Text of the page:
As spoken to Emma Lodge | August 2017


 

No more missing class. Period.

Every month, millions of women and girls miss work and school because they lack something essential: feminine hygiene supplies. Days for Girls is giving back days of education and opportunity to thousands of women and girls in over 100 countries.

Emma: Can you give me a background on what Days for Girls is?

Janice: Days for Girls is a global organisation that provides sustainable feminine hygiene kits to over 640,000 women and girls in over 100 countries. There is a global network of over 800 volunteer chapters and teams.

Emma: What’s a chapter?

Janice: A chapter is a group of local people who undertake to sew and assemble the DfG kits.

Emma: Can you explain to me what’s in a kit?

Janice: Yes a kit comprises of washable pads, a washcloth, drawstring bag, panties, soap and zip lock bags for young women who are menstruating. Girls provided with these kits can then go to school and participate in their normal village life without being shunned or having to stay at home.

We’ve heard stories of villages where women have to segregate themselves; they can’t participate in the normal everyday village life because they’re menstruating. Apparently some tribes even have a hut that women have to sit in for the term of their menstrual cycle.

DfG kits provide freedom. It means that girls can participate in everyday village life and go to school, that’s the big thing, maintaining their education levels which otherwise would be lost for several days every month.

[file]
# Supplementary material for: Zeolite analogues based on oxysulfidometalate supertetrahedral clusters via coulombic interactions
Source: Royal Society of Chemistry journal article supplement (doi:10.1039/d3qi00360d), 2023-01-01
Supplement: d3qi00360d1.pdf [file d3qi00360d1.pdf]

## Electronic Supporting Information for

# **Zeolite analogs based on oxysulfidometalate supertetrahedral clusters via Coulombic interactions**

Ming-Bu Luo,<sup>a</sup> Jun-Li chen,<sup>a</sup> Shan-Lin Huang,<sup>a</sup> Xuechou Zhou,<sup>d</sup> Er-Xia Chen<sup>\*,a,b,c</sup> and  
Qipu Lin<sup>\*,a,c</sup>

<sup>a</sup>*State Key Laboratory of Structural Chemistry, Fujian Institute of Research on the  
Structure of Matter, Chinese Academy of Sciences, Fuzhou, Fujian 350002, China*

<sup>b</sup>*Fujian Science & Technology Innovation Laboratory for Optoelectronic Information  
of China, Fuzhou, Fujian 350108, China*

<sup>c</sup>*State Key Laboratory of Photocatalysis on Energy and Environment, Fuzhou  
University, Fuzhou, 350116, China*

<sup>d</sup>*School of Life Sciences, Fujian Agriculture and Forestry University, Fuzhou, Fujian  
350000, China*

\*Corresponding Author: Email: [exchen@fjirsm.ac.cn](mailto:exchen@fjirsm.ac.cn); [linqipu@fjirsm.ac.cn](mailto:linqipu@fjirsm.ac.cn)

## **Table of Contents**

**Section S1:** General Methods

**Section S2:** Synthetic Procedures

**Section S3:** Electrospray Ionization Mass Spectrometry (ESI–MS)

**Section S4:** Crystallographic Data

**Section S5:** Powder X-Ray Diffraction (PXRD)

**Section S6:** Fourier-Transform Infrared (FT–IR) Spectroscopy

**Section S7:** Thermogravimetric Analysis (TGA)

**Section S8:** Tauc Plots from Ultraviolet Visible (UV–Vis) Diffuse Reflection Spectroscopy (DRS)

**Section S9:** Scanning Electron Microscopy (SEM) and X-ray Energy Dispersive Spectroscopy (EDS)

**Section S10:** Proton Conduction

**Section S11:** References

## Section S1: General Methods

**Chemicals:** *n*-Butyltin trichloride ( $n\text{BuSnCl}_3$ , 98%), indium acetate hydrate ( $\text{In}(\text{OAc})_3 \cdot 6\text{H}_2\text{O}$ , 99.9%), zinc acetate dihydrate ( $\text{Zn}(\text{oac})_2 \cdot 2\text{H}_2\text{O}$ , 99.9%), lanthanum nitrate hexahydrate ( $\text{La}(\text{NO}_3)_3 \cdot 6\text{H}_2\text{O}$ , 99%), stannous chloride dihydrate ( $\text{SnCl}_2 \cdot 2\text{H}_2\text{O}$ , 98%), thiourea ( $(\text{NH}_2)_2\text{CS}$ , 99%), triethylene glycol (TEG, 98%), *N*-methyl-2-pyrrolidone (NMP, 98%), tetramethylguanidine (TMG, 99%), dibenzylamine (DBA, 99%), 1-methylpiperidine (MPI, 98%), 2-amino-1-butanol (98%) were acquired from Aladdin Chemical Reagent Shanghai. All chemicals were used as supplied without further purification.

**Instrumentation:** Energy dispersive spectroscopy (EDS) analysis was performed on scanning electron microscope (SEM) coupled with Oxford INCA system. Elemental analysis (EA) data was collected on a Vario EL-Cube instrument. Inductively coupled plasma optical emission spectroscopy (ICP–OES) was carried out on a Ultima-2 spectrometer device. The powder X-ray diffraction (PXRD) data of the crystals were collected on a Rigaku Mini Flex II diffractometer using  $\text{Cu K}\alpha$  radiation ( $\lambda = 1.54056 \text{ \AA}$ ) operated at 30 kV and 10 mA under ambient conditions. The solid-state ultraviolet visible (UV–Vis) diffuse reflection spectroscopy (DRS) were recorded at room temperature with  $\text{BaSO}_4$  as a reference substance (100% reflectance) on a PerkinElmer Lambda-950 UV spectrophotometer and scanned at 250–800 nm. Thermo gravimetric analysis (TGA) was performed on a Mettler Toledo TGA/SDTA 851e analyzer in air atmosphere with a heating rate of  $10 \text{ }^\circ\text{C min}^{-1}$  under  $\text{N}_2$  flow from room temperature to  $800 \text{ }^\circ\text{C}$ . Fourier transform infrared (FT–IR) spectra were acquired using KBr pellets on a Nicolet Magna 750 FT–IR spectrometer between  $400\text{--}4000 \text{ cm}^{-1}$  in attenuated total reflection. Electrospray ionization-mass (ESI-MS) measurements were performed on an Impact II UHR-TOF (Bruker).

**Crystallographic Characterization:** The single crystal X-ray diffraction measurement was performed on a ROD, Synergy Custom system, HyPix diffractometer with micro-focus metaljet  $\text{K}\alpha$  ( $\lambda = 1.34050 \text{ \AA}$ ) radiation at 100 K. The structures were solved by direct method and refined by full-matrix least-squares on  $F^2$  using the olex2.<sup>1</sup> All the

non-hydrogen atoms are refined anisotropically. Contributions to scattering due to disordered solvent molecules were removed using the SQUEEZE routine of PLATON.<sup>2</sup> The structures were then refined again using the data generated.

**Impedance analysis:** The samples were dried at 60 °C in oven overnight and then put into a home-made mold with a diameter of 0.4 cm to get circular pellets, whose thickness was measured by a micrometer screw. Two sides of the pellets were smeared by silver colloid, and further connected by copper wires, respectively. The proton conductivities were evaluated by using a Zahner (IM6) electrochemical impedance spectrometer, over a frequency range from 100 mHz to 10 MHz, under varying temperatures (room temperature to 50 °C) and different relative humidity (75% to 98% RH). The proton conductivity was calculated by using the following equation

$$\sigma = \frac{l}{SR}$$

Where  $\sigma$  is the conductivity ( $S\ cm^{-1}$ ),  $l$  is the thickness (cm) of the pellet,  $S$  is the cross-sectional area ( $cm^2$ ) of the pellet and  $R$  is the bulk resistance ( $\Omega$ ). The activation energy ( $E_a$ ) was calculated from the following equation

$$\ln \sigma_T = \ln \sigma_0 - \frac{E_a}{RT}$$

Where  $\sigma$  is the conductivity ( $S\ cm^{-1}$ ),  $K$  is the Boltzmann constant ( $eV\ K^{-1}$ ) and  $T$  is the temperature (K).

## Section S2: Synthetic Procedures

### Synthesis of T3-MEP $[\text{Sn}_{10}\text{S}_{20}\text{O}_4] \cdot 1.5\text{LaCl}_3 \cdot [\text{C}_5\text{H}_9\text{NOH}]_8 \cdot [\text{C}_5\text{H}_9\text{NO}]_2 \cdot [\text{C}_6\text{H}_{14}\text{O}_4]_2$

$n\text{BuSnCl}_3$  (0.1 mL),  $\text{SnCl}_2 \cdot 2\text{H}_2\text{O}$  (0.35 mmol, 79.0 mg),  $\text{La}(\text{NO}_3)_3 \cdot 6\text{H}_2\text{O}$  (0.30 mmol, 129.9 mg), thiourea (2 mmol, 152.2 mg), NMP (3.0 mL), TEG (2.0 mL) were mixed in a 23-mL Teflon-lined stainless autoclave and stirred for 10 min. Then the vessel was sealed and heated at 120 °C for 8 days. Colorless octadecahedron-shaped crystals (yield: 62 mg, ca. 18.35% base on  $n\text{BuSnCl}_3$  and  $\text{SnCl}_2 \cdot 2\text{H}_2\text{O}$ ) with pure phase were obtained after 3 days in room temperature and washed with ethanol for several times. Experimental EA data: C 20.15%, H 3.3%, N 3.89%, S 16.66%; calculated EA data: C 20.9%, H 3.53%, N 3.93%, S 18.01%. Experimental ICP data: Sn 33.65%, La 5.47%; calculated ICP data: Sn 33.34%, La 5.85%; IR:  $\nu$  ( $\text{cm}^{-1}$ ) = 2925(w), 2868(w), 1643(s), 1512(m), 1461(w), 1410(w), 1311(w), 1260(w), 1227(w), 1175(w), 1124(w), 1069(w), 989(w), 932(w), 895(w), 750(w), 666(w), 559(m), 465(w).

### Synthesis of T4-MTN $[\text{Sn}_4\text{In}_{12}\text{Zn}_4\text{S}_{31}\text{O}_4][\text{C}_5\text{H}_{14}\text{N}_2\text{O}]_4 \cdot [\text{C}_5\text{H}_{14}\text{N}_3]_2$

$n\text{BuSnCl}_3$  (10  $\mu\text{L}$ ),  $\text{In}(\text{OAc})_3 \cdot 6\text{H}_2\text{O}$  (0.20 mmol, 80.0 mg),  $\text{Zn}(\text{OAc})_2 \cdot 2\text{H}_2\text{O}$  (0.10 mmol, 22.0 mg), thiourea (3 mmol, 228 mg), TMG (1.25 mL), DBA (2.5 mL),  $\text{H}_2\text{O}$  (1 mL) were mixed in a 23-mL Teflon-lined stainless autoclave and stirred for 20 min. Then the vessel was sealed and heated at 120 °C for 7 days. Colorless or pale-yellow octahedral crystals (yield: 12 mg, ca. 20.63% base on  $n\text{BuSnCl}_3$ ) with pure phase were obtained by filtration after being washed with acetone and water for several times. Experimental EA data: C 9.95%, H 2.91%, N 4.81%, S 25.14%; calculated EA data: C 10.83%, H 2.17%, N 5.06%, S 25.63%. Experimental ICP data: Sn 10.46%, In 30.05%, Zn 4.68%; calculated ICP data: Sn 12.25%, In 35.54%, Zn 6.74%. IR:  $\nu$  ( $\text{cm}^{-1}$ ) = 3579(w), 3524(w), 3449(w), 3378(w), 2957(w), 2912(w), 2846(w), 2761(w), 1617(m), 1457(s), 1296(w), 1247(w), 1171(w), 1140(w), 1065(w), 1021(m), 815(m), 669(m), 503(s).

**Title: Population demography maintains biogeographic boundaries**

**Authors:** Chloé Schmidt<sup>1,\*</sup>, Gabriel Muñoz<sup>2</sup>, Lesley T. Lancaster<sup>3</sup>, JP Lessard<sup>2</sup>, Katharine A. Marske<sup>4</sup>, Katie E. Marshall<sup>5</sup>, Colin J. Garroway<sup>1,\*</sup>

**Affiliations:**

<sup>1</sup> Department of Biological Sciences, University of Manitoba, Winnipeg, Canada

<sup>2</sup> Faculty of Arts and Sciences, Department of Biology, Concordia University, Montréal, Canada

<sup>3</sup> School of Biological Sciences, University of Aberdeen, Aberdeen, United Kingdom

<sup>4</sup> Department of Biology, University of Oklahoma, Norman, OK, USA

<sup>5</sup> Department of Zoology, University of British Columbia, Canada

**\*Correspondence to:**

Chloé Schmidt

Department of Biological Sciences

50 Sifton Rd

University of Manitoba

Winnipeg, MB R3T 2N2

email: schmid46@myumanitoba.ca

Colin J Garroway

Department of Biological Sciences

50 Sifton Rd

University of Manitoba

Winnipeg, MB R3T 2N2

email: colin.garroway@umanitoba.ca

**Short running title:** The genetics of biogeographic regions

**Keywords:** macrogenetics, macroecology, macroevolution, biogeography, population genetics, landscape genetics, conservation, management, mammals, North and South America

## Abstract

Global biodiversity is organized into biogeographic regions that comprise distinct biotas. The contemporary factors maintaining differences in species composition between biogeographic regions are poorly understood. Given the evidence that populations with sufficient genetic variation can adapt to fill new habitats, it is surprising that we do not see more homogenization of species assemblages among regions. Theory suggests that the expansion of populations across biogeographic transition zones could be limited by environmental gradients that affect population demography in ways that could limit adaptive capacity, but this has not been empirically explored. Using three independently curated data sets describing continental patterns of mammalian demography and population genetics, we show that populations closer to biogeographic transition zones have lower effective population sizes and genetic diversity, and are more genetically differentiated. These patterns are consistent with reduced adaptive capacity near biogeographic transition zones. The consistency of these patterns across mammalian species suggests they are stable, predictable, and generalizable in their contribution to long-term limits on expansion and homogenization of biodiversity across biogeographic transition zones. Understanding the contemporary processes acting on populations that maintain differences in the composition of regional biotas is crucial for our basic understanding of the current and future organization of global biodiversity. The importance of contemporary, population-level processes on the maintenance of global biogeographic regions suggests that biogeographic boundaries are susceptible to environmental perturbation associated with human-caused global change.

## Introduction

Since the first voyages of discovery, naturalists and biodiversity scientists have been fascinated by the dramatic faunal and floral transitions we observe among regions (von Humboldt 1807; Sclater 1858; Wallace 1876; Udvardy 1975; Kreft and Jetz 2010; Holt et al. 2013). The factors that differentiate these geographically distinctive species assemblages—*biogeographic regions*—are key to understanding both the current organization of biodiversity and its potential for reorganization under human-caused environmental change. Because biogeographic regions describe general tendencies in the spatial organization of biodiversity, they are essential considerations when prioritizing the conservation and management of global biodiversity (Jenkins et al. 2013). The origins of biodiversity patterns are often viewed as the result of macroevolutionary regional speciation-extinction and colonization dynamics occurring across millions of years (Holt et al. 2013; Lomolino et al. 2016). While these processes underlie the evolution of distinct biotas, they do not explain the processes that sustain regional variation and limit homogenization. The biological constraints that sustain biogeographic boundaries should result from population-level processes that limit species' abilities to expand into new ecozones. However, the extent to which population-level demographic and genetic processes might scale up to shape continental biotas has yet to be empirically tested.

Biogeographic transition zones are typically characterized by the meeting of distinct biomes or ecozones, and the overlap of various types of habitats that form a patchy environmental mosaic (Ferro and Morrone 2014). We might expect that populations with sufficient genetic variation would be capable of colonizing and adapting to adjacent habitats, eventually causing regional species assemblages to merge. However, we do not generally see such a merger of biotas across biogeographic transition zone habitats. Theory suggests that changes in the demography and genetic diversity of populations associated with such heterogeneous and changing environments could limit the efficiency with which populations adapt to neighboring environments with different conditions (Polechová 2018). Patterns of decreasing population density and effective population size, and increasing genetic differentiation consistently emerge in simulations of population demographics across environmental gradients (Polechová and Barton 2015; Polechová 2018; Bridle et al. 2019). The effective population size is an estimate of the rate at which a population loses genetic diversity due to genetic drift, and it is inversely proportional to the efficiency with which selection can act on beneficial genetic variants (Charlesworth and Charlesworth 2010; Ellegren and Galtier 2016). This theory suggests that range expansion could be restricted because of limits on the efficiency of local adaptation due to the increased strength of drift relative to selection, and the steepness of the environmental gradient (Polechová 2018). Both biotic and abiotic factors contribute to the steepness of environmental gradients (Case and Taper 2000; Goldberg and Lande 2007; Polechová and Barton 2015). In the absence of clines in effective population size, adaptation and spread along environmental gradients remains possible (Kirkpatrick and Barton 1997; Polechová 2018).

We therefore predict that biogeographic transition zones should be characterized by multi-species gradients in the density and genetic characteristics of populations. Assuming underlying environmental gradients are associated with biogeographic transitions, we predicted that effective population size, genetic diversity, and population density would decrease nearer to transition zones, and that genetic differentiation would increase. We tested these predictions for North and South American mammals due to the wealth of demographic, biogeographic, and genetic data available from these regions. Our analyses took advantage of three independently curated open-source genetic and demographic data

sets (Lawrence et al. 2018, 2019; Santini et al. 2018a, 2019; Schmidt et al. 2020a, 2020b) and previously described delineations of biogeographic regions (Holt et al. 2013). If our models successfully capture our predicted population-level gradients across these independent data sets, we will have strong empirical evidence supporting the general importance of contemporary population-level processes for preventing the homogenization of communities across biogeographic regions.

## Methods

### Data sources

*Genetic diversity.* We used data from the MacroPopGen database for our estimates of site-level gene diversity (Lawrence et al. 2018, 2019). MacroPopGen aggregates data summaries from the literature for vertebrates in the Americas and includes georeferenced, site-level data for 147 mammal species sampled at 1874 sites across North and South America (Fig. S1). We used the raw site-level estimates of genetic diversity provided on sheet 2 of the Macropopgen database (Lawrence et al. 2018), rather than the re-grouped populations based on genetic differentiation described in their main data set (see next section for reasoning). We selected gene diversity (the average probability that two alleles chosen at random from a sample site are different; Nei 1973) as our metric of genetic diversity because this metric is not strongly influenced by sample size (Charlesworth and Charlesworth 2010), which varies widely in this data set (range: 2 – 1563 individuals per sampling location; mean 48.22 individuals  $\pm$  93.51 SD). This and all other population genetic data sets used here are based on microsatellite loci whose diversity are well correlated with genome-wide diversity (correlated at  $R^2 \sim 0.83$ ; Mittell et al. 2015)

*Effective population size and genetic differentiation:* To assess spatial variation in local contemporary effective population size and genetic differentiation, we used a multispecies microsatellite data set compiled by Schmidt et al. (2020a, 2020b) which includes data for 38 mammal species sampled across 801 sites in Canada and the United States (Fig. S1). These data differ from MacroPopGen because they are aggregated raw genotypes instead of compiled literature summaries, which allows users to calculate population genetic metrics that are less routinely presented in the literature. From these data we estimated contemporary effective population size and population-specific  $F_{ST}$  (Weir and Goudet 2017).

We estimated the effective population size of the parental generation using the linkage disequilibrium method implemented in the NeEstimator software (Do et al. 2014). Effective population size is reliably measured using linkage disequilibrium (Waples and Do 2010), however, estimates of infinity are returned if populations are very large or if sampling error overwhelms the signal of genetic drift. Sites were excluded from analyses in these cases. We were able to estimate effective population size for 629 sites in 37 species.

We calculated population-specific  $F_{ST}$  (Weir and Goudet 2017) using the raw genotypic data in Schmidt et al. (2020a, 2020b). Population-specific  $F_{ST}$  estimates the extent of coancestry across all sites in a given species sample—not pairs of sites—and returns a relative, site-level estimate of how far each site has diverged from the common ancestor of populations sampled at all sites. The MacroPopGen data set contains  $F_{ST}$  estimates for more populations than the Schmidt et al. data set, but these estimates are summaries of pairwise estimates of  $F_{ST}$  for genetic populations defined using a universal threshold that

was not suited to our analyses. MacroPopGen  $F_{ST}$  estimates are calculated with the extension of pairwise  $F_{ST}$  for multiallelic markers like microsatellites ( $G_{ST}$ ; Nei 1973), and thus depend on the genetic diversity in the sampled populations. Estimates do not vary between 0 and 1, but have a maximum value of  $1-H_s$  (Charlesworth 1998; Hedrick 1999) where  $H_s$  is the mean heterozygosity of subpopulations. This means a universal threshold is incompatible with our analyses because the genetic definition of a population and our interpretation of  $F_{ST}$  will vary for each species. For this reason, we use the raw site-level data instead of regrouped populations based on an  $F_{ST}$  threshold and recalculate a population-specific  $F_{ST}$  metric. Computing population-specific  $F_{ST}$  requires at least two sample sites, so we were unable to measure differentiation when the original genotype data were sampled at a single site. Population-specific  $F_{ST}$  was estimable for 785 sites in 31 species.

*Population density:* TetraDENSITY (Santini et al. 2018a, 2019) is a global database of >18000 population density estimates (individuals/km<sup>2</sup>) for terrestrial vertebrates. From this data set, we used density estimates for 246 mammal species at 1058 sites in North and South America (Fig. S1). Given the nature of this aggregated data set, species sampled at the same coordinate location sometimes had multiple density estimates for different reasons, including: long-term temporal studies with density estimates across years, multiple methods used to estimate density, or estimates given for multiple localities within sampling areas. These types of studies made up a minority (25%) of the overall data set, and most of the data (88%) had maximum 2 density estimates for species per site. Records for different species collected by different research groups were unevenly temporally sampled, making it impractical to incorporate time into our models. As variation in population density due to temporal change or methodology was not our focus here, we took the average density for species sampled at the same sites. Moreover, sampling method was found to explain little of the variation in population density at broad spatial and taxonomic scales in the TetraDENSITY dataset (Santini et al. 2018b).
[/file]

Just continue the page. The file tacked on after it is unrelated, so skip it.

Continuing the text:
Emma: I read in one instance how girls were sitting on cardboard for several days each month, often going without food unless someone would bring it to them.

Janice: Yes that’s how Days for Girls began. Founder Celeste Mergens was working with a family foundation in Kenya, when she began assisting an orphanage in the outskirts of Nairobi which swelled from 400 children to 1400. Learning that the girls were sitting on cardboard for several days each month prompted Celeste to find a solution.

Emma: And I read there were a lot of trials with the kits and numerous versions created?

Janice: Yes through talking to thousands of women and girls around the globe, they’ve gone through 28 different iterations to ensure the design meets unique cultural and environmental conditions in communities. So you may notice that the kits don’t look like traditional pads and there’s a reason for that. The bright colours camouflage staining, and the absorbent liners unfold to look like a washcloth, which allows women to wash and dry them outside in the sun without causing embarrassment.

Emma: They all seem lovely and very bright!

Janice: Oh yes they’re fabulous! And the more mixed up the colours the better! But we also have to be careful as there’s a lot of restriction on the patterning and colours; you can’t have anything tribal patterned, emblems or symbols and so forth. The Days for Girls World Organisation provides templates and instructions that must be followed, regardless of the sewing location or destination. So it’s important that all DfG Kits are efficient and effective as they can last for up to 3 years if made correctly.

Emma: So explain to me about your chapter…